Learning to Accept Critique

Anne made up her mind that the next time she wrote a story she wouldn’t ask anybody to criticize it. It was too discouraging. (…) In imagination Anne saw herself reading a story out of a magazine to Marilla, entrapping her into praise of it – for in imagination all things are possible – and then triumphantly announcing herself the author. 

– Anne of the Island by L.M. Montgomery

I love how Anne imagines being a published author and the struggles she encounters to become one, in the series Anne of Green Gables. One of her struggles is dealing with critique—people who ‘don’t get it’; people who have nothing positive to say; people who have a vague comment like ‘I didn’t like that bit’ without explaining why. It can indeed be very discouraging.

That doesn’t mean that as a professional writer you can do without critique. The right people – usually other writers – can help you see the flaws in the language and in the story. But finding the right critics is only half the battle. Most beginning writers have to learn to accept critique. No story – however good you are as a writer – is flawless after the first draft.

Putting Your Work Out There

When I started writing, one of the most difficult things was having my work read by others. What if they don’t like it? What if they don’t understand what I’m trying to say? To those beginning writers, here are some tips that will hopefully help you put yourself and your writing out there.

  1. It’s not personal
    They are critiquing your work and not you. If someone isn’t excited about your work, it does not mean they believe you’re a bad writer.
  2. Most writers are nervous about receiving a critique
    All the writers that I have been in critiquing groups with – even those who have been published often – are nervous about receiving a critique. You’re not alone. And the more passionate you are about your text, the harder it is to hear a critique, regardless of how long you’ve been writing. In my experience, this doesn’t go away, you just learn more and more how helpful the critique is in improving your writing.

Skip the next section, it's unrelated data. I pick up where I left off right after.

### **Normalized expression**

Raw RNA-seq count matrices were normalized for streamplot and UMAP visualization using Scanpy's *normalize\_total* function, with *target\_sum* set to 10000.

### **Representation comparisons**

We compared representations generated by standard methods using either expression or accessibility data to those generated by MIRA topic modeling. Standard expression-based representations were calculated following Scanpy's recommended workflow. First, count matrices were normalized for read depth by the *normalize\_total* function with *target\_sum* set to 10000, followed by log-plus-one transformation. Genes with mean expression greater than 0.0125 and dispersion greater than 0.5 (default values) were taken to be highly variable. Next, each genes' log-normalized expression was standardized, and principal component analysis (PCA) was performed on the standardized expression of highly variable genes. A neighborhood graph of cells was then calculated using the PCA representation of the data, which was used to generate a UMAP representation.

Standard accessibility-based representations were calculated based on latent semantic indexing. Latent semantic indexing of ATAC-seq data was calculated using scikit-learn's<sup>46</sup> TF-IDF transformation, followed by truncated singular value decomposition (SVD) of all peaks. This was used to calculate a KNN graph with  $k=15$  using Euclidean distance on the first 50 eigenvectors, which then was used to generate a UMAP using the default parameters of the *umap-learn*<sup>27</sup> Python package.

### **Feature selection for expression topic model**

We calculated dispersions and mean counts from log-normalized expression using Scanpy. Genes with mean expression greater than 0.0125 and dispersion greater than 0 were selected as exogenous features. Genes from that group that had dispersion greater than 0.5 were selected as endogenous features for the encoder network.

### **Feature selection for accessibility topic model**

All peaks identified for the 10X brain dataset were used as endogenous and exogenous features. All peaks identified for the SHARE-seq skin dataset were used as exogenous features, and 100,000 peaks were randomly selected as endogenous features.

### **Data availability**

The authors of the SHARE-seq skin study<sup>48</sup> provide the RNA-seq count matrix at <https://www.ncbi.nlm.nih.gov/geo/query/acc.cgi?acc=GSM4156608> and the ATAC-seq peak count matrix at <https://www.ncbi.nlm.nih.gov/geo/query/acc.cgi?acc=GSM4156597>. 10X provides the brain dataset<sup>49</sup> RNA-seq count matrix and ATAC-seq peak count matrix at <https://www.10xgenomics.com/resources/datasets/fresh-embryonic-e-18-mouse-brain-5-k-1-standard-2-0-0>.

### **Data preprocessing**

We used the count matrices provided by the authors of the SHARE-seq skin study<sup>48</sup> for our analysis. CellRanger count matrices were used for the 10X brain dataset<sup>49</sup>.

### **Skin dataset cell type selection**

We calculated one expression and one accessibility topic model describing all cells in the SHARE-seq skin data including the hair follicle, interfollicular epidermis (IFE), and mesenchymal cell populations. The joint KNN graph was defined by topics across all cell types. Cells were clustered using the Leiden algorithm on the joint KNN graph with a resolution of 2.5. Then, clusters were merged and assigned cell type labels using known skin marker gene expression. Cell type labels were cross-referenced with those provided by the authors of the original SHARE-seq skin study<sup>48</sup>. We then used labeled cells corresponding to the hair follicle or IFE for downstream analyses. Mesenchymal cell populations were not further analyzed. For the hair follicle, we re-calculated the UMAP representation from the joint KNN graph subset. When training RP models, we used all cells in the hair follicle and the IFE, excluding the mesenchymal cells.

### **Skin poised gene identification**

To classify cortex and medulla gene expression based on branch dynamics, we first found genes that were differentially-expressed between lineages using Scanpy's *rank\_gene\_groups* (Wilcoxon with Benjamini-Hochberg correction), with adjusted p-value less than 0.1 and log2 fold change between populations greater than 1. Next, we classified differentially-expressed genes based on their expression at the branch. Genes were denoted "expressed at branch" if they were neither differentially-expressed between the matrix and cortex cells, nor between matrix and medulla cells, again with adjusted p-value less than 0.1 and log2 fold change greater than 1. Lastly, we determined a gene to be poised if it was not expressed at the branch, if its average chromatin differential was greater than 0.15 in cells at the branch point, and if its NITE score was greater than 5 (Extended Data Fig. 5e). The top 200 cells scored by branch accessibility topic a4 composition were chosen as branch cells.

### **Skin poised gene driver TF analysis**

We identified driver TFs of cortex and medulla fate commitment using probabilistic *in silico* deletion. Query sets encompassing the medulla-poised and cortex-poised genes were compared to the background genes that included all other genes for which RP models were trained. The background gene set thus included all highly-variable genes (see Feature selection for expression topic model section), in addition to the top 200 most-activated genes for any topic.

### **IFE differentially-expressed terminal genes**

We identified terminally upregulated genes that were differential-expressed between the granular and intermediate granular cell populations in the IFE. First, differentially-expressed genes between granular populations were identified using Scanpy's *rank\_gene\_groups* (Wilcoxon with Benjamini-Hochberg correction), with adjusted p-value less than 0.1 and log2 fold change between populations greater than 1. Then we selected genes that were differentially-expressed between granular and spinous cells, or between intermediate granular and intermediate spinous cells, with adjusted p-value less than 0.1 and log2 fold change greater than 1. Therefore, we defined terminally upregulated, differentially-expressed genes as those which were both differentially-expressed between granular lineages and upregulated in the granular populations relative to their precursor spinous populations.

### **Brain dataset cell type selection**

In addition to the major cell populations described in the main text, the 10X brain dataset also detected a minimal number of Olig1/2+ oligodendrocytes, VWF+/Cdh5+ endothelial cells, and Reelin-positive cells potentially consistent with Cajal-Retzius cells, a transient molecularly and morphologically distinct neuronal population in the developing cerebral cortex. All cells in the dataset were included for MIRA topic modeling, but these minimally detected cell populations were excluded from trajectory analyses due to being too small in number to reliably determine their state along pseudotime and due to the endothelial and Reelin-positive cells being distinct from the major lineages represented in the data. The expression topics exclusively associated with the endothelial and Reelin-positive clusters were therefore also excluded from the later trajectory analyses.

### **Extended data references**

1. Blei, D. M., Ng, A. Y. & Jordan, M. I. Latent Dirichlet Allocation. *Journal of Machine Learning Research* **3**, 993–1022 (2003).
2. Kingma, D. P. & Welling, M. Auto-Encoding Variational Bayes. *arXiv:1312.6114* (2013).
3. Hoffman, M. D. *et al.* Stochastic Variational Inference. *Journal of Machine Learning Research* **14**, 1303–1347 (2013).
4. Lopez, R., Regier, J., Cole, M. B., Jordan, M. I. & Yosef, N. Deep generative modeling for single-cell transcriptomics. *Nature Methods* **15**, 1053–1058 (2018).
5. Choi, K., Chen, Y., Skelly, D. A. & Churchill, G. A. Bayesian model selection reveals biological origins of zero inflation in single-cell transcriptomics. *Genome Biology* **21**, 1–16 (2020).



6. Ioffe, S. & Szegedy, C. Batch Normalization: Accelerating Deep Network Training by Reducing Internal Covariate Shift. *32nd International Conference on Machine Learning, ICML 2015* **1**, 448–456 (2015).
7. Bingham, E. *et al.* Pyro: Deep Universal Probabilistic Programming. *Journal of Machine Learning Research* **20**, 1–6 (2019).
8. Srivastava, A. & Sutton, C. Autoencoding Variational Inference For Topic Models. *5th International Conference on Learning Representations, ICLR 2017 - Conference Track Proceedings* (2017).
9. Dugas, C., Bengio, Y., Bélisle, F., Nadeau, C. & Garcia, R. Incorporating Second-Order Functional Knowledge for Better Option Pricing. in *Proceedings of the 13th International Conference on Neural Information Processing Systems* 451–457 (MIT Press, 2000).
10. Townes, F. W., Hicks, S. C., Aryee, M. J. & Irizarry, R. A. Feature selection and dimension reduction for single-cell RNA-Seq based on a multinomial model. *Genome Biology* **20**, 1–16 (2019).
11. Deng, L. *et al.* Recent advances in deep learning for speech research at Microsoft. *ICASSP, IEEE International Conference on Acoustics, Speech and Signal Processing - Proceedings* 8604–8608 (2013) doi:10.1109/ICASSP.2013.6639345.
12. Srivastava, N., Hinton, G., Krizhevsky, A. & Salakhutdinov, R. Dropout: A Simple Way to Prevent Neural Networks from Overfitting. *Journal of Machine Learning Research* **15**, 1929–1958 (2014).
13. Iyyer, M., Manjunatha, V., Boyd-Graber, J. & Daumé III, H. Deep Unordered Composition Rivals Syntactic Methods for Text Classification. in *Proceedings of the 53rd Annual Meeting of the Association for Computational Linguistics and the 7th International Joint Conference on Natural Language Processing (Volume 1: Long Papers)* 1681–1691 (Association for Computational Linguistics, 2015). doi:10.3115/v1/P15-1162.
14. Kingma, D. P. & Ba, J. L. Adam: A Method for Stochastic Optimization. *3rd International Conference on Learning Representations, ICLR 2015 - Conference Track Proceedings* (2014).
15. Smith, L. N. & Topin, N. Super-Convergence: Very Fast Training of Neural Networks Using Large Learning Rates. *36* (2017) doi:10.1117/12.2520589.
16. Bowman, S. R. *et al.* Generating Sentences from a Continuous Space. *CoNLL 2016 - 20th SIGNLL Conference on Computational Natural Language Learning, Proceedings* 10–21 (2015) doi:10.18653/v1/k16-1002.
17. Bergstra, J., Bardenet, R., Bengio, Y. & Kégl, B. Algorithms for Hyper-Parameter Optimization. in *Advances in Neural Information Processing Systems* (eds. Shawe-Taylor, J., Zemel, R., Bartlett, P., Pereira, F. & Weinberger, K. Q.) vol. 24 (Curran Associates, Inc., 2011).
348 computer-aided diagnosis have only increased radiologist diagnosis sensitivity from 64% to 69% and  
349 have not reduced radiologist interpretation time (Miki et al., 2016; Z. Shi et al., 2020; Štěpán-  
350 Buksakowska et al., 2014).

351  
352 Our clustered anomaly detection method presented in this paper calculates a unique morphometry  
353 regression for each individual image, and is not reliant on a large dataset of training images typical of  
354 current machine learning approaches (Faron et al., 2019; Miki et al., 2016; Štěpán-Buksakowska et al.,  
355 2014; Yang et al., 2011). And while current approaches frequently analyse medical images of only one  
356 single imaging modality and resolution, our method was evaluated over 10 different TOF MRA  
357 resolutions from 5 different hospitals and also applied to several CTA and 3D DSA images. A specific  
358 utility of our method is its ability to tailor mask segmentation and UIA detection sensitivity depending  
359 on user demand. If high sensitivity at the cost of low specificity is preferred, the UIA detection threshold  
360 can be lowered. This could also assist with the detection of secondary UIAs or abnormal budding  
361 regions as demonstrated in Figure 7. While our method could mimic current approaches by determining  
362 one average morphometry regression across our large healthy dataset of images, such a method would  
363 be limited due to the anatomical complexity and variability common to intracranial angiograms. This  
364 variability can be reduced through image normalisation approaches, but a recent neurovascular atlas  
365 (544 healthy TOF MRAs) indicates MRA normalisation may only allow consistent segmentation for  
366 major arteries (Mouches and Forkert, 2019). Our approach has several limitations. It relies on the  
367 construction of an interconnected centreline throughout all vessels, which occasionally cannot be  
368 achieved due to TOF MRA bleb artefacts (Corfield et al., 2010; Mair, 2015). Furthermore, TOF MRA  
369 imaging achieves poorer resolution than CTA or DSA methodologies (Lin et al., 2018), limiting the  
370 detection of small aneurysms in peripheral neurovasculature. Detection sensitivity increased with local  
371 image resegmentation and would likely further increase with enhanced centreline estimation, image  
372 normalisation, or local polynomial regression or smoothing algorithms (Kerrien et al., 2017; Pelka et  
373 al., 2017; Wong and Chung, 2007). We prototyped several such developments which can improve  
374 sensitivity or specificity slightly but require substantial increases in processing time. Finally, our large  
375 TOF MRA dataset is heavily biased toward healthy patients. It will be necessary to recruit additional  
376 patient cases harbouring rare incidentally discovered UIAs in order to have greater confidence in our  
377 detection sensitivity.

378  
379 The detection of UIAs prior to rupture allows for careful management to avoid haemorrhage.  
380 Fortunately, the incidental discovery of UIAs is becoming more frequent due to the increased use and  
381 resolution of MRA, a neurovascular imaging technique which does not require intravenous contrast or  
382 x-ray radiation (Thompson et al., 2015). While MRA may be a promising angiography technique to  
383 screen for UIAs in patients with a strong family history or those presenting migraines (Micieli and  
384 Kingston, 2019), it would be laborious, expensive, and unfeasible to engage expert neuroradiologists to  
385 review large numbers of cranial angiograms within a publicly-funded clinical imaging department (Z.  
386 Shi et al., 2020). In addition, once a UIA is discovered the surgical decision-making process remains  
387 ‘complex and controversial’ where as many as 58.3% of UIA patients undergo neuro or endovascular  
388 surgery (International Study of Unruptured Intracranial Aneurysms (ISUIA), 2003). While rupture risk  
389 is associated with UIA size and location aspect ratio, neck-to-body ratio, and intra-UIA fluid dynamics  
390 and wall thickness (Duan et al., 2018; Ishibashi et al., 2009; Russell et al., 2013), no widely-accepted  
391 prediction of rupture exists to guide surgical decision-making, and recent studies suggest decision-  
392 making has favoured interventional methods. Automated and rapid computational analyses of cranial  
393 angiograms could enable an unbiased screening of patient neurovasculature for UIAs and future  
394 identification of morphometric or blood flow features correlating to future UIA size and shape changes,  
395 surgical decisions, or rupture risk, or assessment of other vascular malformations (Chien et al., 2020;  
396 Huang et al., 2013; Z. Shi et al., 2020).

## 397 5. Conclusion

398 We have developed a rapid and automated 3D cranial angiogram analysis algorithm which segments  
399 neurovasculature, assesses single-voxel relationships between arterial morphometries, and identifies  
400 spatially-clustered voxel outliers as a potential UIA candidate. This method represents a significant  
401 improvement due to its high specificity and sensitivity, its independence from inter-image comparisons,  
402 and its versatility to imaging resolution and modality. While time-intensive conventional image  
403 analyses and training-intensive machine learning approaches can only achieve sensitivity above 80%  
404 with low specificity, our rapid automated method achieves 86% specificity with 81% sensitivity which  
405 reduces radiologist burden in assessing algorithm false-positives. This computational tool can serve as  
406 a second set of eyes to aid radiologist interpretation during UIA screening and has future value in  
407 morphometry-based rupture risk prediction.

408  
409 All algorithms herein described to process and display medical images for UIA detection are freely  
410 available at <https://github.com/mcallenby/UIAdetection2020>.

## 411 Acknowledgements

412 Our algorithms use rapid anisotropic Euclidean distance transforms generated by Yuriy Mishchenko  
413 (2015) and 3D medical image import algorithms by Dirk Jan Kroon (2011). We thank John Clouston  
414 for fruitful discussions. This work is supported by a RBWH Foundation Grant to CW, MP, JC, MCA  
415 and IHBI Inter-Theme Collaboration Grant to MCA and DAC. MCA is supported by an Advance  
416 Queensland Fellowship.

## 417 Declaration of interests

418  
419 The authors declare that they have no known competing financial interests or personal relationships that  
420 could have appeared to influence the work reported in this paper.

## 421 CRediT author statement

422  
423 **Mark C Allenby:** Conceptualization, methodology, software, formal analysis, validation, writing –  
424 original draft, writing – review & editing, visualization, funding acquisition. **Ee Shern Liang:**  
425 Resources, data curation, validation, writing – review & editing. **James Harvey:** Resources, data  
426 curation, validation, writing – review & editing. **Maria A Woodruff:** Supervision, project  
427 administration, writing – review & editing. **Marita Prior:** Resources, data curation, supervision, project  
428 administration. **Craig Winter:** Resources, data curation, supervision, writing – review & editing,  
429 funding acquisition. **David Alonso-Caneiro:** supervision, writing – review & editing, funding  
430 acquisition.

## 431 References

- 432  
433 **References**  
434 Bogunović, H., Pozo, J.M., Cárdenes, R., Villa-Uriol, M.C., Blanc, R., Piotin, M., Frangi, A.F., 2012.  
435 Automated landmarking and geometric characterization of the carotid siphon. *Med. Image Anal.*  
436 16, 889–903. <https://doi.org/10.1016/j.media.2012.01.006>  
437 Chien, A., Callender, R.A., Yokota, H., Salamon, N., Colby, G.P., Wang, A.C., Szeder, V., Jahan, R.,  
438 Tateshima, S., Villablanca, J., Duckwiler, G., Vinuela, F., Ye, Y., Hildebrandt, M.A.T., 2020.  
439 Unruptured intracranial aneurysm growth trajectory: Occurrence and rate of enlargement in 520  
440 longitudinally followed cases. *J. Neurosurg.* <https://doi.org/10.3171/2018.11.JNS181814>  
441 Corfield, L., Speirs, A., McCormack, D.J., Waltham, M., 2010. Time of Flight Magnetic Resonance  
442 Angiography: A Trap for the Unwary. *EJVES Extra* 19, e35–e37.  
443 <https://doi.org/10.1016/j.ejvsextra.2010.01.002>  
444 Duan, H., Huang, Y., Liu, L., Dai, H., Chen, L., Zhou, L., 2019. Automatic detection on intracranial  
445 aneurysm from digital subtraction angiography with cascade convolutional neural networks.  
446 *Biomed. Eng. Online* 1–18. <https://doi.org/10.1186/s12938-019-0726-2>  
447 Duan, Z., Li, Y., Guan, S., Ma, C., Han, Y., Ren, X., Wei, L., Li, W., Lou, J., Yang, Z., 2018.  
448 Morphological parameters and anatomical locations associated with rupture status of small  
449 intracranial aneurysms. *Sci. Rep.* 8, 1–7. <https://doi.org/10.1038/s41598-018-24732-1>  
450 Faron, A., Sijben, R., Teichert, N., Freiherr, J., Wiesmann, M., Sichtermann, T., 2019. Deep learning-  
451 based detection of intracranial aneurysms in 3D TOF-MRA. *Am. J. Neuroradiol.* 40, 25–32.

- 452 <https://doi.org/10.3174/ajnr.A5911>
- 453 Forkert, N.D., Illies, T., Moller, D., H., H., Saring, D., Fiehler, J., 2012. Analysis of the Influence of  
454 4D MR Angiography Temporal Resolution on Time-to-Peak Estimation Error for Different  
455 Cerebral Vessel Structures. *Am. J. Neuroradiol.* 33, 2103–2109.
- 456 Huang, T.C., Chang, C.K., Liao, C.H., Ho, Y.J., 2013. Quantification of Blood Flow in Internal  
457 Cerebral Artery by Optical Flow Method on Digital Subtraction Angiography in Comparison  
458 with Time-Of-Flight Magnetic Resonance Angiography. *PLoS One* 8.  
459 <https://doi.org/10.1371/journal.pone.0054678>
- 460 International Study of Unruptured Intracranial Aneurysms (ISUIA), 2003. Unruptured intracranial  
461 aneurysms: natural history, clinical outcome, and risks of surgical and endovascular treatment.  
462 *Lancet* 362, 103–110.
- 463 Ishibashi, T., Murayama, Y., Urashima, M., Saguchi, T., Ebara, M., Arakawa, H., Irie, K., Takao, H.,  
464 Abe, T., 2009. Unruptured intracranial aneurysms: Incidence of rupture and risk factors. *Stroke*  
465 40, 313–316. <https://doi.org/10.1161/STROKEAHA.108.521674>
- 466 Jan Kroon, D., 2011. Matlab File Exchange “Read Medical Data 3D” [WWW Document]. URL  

3. You will never hear ‘this is excellent’
    It’s simply not the aim of receiving a critique. You might hear that someone really enjoyed your story, but then you’ll hear what can be improved. If all you want from a critique group is to hear how wonderful your story is, then don’t join a critique group.
  4. Positive critique is just as important as negative
    Especially in the beginning, it’s hard not to hear anything but the negative critique. However, good critics always point out the strengths of a piece of writing. Listen and register this aspect too. Knowing what you’re good at will build up your writing confidence.
  5. Don’t dismiss any critique
    I’ve come across writers who immediately dismiss critique with the simple: ‘oh, you just didn’t understand it’, and so lay the blame on the reader. This may be the case, but still spend time to reflect on every comment and see what merit it may have. Pride will not improve your writing.
  6. Critics are not always right
    Although you shouldn’t dismiss any critique; also remember that your critics may not always be right. So don’t simply change something just because one or two readers said they don’t think something works. Let them explain why they don’t think it works. Keep in mind the kind of story you want to write. Perhaps you need to change something else to keep true to your intention while tackling their objection.
  7. Aim is to write a story you love
    For many writers, getting published is the aim of the game. I believe the aim should be writing a piece you would like to read in print. Therefore, don’t use the critique to write a story the readers in your critique group would like to read. Instead, take the critique to get rid of the flaws and bring it somewhere amazing that you’d never have thought of on your own.

Now go find a critique group in your area.

Vanessa Deij

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